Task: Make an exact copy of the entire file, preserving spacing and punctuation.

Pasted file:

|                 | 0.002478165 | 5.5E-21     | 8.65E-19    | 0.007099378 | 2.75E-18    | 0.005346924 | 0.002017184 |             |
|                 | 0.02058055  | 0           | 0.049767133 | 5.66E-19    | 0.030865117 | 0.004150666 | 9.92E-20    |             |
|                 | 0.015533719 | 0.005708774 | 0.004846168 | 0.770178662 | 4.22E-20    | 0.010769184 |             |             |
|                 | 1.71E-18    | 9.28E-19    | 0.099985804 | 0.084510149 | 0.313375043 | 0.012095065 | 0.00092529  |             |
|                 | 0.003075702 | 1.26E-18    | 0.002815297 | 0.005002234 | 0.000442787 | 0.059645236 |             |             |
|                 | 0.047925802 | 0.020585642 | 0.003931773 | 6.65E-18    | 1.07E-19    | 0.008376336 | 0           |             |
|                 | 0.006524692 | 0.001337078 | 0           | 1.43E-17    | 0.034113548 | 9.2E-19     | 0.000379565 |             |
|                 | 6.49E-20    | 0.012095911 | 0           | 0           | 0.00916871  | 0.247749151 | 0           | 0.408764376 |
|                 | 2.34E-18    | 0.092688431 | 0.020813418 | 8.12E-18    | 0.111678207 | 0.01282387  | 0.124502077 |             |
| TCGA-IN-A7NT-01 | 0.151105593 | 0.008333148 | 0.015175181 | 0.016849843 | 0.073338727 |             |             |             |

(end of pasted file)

|                 | 0.002478165 | 5.5E-21     | 8.65E-19    | 0.007099378 | 2.75E-18    | 0.005346924 | 0.002017184 |             |
|                 | 0.02058055  | 0           | 0.049767133 | 5.66E-19    | 0.030865117 | 0.004150666 | 9.92E-20    |             |
|                 | 0.015533719 | 0.005708774 | 0.004846168 | 0.770178662 | 4.22E-20    | 0.010769184 |             |             |
|                 | 1.71E-18    | 9.28E-19    | 0.099985804 | 0.084510149 | 0.313375043 | 0.012095065 | 0.00092529  |             |
|                 | 0.003075702 | 1.26E-18    | 0.002815297 | 0.005002234 | 0.000442787 | 0.059645236 |             |             |
|                 | 0.047925802 | 0.020585642 | 0.003931773 | 6.65E-18    | 1.07E-19    | 0.008376336 | 0           |             |
|                 | 0.006524692 | 0.001337078 | 0           | 1.43E-17    | 0.034113548 | 9.2E-19     | 0.000379565 |             |
|                 | 6.49E-20    | 0.012095911 | 0           | 0           | 0.00916871  | 0.247749151 | 0           | 0.408764376 |
|                 | 2.34E-18    | 0.092688431 | 0.020813418 | 8.12E-18    | 0.111678207 | 0.01282387  | 0.124502077 |             |
| TCGA-IN-A7NT-01 | 0.151105593 | 0.008333148 | 0.015175181 | 0.016849843 | 0.073338727 |             |             |             |